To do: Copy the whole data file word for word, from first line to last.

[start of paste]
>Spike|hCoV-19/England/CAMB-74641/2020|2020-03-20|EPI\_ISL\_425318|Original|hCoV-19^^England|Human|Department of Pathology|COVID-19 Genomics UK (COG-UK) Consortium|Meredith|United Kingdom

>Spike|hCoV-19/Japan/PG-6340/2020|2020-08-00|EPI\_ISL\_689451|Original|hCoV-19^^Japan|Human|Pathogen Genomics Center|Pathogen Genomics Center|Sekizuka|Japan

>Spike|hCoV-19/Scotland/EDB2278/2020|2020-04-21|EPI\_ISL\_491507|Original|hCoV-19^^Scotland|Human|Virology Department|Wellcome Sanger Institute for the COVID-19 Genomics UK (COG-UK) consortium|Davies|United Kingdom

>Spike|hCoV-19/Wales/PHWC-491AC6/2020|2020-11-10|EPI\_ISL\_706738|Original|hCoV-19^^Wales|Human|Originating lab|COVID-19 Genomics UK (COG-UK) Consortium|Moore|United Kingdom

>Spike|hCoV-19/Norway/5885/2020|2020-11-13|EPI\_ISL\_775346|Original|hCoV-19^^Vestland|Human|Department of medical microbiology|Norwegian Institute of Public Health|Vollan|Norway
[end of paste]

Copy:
>Spike|hCoV-19/England/CAMB-74641/2020|2020-03-20|EPI\_ISL\_425318|Original|hCoV-19^^England|Human|Department of Pathology|COVID-19 Genomics UK (COG-UK) Consortium|Meredith|United Kingdom

>Spike|hCoV-19/Japan/PG-6340/2020|2020-08-00|EPI\_ISL\_689451|Original|hCoV-19^^Japan|Human|Pathogen Genomics Center|Pathogen Genomics Center|Sekizuka|Japan

>Spike|hCoV-19/Scotland/EDB2278/2020|2020-04-21|EPI\_ISL\_491507|Original|hCoV-19^^Scotland|Human|Virology Department|Wellcome Sanger Institute for the COVID-19 Genomics UK (COG-UK) consortium|Davies|United Kingdom

>Spike|hCoV-19/Wales/PHWC-491AC6/2020|2020-11-10|EPI\_ISL\_706738|Original|hCoV-19^^Wales|Human|Originating lab|COVID-19 Genomics UK (COG-UK) Consortium|Moore|United Kingdom

>Spike|hCoV-19/Norway/5885/2020|2020-11-13|EPI\_ISL\_775346|Original|hCoV-19^^Vestland|Human|Department of medical microbiology|Norwegian Institute of Public Health|Vollan|Norway